For example, client 102 and client 104 are configured to communicate with a file-access protocol engine of storage system 108 using a stateful or stateless file-system protocol. A stateful protocol, such as CIFS protocol, is a connection-oriented protocol that requires storage system 108, e.g., the file-access protocol engine, and client 102 and client 104 to establish a communication session (or “virtual circuit”) through which they exchange information. Each communication session is then associated with session-specific “state” information, which may include, inter alia, authentication information, session identifiers, file-handle identifiers, and other related information. In the event the session is lost or interrupted, the state information for the communication session may be used to reestablish the session without having to re-authenticate client 102, client 104 or other clients as well as renegotiate many of the session parameters. Upon re-establishing the stateful-protocol session, storage system 108 typically invalidates the client's outstanding file handles and issues a new set of file handles to the client. Thus, any client requests that were lost as a result of the session failure can be “replayed” by client 102, client 104 using the new set of file handles.

In contrast, a stateless protocol, such as the NFS protocol, does not require establishment of a formal communication session. Instead, requests from client 102, client 104 or other clients in a stateless protocol are authenticated and processed by the storage system 108 on a per-request basis rather than a per-session basis. That is, the validity of a client request in a stateless protocol is not bound to the duration of any specific communication session. Thus, unlike file handles used in stateful protocols, file handles in stateless protocols may remain valid even after the storage system has been temporarily shutdown or disabled.

In operation, an event 128 may occur at some point in time during the operation of one or more storage systems 108 through 110. Event 128 may occur as the result of routine system status checks or more serious and imminent failures requiring more immediate attention. Various applications on storage environment 106 monitor a range of conditions and generate event information corresponding to the particular event 128.

Accordingly, an increasingly large number of events 128 may result in large amounts of event information to be entered into an event log kept on each respective storage system. If the conditions persist or repeatedly occur, some applications may attempt to generate and store event information in these logs so rapidly that the event log may grow to an unmanageable size.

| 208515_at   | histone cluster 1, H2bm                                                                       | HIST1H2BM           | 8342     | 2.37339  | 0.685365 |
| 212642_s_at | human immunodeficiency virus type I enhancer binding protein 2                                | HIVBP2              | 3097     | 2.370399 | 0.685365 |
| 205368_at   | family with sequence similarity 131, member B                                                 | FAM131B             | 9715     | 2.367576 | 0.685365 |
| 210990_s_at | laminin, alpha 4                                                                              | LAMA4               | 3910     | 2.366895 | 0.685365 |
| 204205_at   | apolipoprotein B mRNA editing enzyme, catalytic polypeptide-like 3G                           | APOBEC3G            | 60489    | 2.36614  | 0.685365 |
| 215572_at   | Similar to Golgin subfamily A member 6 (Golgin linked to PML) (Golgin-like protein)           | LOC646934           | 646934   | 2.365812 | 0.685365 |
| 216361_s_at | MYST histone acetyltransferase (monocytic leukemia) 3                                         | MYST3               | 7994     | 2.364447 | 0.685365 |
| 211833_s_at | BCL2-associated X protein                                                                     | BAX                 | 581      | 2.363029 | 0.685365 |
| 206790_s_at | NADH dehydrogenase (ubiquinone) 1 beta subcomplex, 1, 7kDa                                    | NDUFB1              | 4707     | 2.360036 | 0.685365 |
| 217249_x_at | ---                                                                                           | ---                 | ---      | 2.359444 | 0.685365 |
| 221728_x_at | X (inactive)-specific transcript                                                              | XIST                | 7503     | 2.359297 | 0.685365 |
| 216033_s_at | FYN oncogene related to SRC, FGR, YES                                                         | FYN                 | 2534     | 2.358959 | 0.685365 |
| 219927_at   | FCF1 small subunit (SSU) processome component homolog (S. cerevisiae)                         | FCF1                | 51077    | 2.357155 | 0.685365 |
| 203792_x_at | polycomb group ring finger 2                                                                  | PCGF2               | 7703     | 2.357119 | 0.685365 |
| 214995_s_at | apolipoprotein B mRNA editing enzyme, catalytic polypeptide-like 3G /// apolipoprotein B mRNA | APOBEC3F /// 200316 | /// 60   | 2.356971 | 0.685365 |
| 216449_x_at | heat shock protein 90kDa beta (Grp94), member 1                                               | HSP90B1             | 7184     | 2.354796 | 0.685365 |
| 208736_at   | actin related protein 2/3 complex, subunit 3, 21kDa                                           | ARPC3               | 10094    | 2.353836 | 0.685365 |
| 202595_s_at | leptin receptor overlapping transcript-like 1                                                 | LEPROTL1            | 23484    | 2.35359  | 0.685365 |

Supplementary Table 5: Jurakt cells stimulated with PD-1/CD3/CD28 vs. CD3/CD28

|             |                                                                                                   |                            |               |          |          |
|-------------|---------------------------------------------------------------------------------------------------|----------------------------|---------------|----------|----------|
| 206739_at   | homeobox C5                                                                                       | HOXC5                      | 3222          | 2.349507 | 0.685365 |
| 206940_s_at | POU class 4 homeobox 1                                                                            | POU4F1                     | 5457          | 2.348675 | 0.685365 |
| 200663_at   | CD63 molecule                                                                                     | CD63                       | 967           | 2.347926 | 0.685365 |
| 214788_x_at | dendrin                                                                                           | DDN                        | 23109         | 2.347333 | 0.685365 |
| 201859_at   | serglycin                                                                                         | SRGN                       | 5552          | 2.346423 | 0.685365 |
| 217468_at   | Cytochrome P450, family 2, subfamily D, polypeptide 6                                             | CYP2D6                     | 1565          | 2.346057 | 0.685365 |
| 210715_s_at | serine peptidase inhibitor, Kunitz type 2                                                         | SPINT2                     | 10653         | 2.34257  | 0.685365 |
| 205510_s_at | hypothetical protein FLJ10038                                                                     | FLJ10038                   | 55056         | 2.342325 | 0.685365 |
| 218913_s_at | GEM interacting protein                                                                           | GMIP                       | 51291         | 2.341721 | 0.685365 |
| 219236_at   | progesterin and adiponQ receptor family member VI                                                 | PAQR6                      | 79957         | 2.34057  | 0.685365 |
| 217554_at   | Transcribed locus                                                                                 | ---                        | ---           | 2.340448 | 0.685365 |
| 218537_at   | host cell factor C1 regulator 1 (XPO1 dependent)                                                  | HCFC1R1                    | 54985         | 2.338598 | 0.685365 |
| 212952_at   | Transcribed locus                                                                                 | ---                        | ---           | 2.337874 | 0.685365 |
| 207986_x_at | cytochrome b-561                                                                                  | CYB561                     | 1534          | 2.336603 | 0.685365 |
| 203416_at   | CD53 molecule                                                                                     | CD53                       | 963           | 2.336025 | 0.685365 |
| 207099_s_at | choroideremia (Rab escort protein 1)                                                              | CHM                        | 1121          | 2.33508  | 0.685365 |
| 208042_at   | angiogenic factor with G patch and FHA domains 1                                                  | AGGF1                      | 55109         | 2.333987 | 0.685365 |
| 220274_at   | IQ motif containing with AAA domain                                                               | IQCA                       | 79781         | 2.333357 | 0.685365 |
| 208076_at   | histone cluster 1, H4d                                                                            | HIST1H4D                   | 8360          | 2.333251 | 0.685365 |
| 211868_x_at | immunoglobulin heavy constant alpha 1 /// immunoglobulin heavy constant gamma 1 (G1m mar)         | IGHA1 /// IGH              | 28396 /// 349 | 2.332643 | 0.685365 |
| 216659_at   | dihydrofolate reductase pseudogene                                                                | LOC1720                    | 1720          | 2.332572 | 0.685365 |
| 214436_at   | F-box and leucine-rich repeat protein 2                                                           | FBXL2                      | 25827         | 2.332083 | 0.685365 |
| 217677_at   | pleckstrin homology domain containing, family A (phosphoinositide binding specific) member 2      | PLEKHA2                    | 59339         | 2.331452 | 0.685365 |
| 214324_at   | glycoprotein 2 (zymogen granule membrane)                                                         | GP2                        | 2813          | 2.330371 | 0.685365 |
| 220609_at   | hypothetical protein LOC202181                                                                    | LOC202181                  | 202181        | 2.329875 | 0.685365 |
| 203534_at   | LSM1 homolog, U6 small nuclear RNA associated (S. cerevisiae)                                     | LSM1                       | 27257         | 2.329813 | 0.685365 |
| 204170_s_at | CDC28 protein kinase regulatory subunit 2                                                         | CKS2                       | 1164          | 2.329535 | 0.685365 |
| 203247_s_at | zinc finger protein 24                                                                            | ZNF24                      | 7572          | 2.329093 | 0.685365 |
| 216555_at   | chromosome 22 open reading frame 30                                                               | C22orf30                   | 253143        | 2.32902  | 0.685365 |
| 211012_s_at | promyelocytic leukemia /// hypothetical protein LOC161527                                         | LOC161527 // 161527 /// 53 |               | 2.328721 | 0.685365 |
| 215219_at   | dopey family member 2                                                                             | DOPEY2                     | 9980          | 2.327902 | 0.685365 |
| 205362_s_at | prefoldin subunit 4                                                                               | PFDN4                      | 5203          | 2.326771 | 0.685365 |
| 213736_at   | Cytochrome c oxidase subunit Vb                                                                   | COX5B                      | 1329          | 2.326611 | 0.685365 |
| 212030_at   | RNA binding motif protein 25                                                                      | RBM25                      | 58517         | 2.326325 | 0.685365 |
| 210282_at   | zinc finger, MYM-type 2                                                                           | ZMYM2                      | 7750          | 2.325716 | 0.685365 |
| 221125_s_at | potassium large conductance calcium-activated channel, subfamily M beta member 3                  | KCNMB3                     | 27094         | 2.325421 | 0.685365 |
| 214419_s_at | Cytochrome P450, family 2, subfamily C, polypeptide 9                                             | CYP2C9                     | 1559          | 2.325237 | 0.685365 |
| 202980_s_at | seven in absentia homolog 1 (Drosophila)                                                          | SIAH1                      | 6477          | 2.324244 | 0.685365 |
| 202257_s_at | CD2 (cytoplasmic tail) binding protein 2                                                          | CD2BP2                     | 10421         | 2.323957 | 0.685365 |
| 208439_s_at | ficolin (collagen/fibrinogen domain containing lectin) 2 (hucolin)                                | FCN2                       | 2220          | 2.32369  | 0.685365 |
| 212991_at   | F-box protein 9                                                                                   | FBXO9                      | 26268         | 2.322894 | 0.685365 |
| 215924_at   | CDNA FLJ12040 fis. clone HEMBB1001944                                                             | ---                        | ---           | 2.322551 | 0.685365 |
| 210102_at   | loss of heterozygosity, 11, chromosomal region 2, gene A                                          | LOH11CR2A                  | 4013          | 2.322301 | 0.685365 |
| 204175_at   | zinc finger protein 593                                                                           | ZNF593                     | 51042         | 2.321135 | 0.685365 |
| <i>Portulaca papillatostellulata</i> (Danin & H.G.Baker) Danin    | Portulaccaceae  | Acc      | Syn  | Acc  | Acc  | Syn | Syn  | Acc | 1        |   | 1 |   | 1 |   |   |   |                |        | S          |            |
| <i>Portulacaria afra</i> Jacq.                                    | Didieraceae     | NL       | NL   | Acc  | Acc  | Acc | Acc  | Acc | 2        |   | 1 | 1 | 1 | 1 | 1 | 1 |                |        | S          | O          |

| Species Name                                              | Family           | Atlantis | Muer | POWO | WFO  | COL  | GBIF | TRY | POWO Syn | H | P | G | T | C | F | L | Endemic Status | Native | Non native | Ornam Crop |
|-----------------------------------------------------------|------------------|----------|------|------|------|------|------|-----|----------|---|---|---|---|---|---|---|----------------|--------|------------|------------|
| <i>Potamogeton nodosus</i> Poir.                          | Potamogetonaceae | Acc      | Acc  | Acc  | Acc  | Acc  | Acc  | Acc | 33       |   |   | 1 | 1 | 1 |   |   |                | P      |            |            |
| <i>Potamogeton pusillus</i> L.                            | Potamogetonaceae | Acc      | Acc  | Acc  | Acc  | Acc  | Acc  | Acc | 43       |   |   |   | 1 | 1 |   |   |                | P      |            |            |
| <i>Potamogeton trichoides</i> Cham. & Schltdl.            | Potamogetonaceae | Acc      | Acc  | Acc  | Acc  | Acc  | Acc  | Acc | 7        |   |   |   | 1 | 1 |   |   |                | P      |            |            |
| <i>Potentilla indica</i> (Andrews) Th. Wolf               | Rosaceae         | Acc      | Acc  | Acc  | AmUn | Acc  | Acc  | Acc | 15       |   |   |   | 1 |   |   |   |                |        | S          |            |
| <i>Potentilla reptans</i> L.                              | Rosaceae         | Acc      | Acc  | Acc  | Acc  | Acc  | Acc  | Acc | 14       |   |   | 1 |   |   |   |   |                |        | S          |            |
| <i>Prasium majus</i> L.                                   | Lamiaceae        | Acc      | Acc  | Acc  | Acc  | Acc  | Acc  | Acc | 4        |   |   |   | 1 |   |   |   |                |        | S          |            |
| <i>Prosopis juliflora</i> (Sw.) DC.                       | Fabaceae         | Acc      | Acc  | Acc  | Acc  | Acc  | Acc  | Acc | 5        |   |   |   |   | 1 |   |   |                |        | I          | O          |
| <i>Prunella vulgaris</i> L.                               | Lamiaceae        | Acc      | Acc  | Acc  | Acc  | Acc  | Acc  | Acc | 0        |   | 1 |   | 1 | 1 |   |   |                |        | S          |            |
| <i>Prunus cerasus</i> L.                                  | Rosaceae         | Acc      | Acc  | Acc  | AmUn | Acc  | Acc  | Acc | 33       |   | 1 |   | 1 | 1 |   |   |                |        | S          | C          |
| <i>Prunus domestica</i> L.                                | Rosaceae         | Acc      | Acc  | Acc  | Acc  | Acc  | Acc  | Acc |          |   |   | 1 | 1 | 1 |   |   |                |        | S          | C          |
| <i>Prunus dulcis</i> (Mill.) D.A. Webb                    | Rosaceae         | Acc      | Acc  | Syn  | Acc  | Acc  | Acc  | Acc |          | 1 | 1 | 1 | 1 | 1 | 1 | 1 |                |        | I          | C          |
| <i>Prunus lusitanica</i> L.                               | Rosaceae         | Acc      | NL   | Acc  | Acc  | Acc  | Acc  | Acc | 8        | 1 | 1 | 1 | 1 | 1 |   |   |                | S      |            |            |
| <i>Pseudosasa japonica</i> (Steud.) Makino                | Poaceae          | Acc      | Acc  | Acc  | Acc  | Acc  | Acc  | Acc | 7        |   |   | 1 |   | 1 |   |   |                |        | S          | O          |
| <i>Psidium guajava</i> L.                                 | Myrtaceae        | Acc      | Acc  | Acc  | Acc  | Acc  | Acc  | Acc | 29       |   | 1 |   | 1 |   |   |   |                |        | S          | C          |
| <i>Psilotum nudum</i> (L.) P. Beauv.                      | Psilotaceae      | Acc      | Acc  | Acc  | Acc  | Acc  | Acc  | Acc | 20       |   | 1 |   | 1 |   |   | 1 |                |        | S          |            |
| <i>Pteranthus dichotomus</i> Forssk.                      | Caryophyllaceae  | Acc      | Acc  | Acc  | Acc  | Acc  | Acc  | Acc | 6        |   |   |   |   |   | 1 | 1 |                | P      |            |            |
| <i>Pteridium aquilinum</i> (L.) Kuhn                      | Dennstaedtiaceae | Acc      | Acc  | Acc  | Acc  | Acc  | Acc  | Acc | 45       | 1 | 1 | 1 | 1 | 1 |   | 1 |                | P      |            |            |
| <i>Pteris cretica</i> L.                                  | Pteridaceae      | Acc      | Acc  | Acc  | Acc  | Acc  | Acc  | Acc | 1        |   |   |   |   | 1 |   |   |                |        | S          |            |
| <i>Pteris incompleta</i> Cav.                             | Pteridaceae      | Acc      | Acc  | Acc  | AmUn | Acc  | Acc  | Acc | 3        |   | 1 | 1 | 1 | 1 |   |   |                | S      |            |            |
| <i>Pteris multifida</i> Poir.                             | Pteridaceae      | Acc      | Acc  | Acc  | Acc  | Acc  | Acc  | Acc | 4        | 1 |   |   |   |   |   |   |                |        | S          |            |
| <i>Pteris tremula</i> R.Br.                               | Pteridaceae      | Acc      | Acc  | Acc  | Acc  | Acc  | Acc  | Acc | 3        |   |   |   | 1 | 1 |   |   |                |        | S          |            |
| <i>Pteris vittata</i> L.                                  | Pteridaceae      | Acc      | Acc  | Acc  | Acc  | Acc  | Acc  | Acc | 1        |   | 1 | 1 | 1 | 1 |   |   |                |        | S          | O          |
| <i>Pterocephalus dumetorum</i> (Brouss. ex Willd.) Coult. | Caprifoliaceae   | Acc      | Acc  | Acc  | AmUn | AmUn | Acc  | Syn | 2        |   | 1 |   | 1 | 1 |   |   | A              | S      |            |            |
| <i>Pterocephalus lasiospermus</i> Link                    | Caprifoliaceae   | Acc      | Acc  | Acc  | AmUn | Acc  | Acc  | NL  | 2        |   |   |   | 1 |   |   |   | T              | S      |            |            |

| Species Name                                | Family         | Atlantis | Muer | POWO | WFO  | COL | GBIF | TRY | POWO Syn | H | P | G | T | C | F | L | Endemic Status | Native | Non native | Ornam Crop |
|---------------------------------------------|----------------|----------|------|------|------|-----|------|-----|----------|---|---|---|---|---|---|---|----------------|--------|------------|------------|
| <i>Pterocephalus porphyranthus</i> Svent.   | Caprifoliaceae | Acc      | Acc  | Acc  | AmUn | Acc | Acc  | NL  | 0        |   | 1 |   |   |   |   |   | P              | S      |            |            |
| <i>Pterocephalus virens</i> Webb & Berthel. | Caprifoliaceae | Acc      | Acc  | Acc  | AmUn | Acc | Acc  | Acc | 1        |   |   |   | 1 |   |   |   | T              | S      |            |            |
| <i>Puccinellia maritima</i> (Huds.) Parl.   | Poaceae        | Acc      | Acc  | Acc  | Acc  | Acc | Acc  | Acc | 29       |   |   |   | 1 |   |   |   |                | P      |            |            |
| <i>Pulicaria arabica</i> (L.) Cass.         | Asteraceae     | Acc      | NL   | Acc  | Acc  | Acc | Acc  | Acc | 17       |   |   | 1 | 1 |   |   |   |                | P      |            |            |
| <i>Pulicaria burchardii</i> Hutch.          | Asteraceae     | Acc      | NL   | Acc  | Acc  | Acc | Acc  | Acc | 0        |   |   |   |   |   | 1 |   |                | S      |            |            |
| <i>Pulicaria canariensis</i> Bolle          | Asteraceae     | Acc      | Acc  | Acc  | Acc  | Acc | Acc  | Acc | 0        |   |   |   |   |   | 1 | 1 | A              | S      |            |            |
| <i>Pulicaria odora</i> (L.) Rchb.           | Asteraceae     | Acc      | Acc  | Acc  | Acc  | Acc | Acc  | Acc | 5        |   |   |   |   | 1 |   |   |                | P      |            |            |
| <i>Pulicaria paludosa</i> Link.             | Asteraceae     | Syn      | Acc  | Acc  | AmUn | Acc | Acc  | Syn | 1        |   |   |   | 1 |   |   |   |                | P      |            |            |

Likewise, applications on storage environment 106 may also transmit large amounts of event information to the Autosupport system 116. It is contemplated that Autosupport system 116 has been designed and configured to not only support storage environment 106 but many other storage environments in other locations (not shown). Autosupport system 116 helps avert large scale system failures or problems thus increasing overall storage environment 106 availability and minimizing or reducing downtime. In response to a particular event 128, applications or threads running on storage environment 106 send corresponding event information for processing by one or more of Autosupport servers 120 through 124. These Autosupport servers 120 through 124 may reference other archived events held on storage devices 122 through 126 respectively as well as optionally receive guidance from one or more members of the Autosupport team 118 to determine a resolution or plan of action.

It is important that the applications and threads on storage environment 106 do not repeatedly transmit redundant event information to Autosupport system 116. For example, this may overwhelm Autosupport servers 120 through 124 and reduce their ability to adequately notify operation clients 102/104 or personnel managing storage environment 106 of corrective actions. Aspects of the present invention address this and other concerns by suppressing certain event information before it is generated and/or transmitted to Autosupport system 116 for storage in the event log.

FIG. 2 is a schematic block diagram of storage system 108 that may be advantageously used with one implementation of the present invention. Storage system 108 includes a memory 202, a multi-port storage adapter 204, a processor 206, a network adapter 208, an NVRAM 210 and I/O ports 212 capable of communicating over interconnect 214. It is contemplated that aspects of the invention described herein may apply to any type of special-purpose computer (e.g., file serving appliance) or general-purpose computer, including a standalone computer, embodied as a storage environment. To that end, storage system 108 may be broadly, and alternatively, referred to as a component of the storage environment 106. Moreover, various aspects of the invention can be adapted to a variety of storage environment architectures including, but not limited to, a network-attached storage (NAS) environment, a storage area network (SAN) and disk assembly directly-attached to a client/host computer. The term “storage environment” should, therefore, be taken broadly to include such arrangements and combinations thereof.